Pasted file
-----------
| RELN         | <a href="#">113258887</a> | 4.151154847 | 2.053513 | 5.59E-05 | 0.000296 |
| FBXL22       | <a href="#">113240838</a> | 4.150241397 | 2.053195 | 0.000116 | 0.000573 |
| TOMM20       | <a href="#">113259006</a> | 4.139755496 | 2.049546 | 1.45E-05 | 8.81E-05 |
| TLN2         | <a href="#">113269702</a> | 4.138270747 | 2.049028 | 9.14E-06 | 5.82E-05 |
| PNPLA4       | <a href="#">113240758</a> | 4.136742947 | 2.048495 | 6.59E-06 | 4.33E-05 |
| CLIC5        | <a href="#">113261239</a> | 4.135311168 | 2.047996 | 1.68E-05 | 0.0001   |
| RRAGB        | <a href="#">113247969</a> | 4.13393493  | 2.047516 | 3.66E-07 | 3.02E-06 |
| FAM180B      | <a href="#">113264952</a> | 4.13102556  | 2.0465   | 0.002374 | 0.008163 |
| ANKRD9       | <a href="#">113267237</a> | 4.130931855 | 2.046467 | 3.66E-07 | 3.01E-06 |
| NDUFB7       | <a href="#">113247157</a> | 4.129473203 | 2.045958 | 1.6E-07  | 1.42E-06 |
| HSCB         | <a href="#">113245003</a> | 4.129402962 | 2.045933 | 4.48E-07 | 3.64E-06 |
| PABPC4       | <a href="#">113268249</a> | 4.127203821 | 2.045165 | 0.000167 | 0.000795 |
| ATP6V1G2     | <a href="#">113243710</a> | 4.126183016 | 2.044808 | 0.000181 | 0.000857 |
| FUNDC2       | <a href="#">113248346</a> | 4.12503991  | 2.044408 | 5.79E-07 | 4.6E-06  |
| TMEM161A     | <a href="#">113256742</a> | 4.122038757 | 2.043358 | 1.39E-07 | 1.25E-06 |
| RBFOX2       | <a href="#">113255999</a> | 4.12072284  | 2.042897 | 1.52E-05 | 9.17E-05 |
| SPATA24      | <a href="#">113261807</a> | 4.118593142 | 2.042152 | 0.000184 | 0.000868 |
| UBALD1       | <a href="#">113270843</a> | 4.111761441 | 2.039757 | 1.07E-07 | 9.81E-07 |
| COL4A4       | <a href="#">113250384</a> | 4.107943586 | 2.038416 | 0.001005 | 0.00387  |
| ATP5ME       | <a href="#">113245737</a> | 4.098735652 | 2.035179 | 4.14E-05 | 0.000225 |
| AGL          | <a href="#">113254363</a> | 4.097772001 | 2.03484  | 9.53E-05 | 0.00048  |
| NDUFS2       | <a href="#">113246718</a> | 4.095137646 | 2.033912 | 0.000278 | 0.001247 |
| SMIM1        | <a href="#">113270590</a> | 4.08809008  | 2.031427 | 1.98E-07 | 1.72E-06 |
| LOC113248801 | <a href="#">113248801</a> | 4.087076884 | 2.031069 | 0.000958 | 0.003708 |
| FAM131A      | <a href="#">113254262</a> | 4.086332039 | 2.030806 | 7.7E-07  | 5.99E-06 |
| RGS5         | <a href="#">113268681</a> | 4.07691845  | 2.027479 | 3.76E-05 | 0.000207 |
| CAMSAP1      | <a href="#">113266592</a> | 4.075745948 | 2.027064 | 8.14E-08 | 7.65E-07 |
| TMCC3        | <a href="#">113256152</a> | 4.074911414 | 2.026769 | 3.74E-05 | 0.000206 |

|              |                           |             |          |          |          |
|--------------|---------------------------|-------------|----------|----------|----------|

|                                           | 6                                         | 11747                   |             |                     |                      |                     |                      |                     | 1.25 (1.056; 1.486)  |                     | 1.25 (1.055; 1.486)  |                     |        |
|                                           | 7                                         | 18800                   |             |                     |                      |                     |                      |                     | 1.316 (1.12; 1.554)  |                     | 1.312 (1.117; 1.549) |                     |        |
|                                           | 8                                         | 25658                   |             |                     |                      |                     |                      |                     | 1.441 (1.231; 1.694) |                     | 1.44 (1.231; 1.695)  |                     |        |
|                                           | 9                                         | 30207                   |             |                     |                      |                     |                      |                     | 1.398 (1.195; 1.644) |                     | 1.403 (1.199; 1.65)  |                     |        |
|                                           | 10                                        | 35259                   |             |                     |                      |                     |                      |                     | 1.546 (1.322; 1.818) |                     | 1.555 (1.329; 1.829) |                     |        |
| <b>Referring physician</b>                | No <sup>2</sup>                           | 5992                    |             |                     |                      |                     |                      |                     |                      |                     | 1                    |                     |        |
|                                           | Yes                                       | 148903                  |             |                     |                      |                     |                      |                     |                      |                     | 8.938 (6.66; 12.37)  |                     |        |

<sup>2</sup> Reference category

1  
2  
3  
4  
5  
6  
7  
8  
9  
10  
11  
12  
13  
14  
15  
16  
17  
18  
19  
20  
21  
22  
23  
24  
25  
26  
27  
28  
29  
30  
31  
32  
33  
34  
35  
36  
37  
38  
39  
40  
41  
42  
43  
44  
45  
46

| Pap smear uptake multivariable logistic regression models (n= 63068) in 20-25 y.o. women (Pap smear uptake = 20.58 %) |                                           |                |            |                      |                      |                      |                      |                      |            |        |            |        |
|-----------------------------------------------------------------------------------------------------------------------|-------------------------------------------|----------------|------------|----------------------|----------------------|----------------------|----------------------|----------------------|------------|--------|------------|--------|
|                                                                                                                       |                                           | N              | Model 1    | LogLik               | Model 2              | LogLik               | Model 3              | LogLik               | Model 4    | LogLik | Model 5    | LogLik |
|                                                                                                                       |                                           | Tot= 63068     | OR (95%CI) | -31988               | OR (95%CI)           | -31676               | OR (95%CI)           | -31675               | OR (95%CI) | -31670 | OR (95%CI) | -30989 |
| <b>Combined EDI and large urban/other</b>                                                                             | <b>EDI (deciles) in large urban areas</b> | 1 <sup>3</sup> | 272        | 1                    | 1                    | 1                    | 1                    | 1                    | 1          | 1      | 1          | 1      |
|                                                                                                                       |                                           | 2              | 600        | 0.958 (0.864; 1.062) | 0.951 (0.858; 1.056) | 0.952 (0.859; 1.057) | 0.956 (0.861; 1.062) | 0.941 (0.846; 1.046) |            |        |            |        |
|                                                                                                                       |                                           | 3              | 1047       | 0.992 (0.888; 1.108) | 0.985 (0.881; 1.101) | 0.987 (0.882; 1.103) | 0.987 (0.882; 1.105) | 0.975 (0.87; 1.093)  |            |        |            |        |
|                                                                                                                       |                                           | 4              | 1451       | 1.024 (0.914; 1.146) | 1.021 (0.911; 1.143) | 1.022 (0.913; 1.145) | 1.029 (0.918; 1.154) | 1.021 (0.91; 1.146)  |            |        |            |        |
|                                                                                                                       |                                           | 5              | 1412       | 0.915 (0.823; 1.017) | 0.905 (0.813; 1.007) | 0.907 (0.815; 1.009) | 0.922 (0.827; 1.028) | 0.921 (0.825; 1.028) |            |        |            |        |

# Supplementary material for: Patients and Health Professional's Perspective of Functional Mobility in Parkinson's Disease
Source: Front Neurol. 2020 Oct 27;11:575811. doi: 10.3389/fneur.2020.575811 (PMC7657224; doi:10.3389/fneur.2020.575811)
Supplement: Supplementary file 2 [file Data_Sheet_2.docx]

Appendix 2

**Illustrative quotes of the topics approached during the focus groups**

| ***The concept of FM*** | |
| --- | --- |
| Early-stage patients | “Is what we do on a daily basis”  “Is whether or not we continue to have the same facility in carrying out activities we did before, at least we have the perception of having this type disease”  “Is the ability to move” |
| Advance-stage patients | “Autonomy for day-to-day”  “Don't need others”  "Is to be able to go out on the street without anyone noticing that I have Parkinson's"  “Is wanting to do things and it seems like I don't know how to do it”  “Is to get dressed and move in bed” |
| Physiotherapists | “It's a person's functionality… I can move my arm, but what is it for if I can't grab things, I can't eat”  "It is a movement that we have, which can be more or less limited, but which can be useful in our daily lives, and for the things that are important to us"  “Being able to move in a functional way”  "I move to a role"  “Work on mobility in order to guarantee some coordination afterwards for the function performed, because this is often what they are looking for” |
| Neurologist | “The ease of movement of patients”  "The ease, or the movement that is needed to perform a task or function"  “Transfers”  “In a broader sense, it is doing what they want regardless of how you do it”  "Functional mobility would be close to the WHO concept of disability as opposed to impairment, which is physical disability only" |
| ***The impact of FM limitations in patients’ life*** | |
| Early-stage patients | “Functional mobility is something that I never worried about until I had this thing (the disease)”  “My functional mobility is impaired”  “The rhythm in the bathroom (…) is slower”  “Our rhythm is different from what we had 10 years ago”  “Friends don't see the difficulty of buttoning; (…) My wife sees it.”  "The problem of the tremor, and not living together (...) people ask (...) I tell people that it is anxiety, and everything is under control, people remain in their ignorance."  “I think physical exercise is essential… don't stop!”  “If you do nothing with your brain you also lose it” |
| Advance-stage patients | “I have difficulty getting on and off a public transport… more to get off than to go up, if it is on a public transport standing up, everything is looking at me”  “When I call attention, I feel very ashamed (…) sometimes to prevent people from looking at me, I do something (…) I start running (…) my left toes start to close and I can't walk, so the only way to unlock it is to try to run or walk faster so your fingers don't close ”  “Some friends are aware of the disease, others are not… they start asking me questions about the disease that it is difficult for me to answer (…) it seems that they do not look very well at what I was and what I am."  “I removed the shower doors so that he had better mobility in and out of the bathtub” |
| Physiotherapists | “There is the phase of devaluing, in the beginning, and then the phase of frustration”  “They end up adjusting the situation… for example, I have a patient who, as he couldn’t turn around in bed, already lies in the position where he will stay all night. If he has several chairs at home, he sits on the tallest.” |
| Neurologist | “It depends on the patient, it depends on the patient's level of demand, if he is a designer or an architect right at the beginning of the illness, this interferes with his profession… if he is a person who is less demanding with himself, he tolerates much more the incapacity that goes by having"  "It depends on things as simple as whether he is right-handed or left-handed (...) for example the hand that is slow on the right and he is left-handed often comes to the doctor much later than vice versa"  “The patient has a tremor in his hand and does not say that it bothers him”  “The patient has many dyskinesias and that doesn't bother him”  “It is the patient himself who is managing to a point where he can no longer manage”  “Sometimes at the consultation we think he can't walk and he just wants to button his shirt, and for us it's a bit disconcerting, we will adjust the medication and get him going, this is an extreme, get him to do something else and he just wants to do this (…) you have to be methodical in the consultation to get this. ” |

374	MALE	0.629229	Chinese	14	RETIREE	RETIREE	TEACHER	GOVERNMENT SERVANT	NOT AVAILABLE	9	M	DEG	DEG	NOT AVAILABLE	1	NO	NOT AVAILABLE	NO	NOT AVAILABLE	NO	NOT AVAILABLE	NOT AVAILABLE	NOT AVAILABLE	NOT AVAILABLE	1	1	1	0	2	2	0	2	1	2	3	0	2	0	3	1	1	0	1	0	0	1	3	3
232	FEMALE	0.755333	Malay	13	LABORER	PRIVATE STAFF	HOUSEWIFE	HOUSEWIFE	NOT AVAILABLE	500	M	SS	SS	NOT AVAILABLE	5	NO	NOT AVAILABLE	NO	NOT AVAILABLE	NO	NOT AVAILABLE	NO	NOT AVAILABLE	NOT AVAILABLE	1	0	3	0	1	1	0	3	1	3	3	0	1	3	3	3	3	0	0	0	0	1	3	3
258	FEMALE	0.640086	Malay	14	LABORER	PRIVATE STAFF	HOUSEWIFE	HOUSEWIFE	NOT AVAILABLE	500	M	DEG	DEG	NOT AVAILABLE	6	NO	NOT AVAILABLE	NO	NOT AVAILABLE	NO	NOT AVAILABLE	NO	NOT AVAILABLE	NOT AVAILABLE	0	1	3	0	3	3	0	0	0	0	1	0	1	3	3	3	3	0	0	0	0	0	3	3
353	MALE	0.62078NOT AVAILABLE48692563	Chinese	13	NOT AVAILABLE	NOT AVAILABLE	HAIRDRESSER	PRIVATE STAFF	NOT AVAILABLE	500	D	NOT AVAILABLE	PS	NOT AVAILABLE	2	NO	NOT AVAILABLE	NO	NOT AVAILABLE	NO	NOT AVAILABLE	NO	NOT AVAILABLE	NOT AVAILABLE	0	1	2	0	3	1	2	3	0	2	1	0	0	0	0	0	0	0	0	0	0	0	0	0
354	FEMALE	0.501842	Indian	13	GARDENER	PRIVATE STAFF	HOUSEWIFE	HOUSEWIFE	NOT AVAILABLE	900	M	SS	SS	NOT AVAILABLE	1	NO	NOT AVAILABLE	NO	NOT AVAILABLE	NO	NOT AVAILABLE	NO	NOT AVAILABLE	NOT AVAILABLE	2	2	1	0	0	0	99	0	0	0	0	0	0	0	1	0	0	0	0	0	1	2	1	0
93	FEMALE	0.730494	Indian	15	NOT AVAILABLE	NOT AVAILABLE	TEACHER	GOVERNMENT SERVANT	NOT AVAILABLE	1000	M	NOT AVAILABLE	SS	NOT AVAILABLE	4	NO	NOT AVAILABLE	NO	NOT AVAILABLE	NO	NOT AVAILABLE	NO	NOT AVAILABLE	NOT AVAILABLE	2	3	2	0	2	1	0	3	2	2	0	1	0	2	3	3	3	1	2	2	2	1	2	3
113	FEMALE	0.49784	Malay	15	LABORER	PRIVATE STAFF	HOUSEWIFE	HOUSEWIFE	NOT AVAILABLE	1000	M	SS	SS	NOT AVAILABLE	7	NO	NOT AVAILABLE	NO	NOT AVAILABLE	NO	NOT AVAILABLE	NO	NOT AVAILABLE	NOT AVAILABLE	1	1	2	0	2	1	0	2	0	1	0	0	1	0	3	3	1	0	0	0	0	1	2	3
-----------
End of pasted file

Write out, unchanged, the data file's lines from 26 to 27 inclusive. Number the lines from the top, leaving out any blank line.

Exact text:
| RGS5         | <a href="#">113268681</a> | 4.07691845  | 2.027479 | 3.76E-05 | 0.000207 |
| CAMSAP1      | <a href="#">113266592</a> | 4.075745948 | 2.027064 | 8.14E-08 | 7.65E-07 |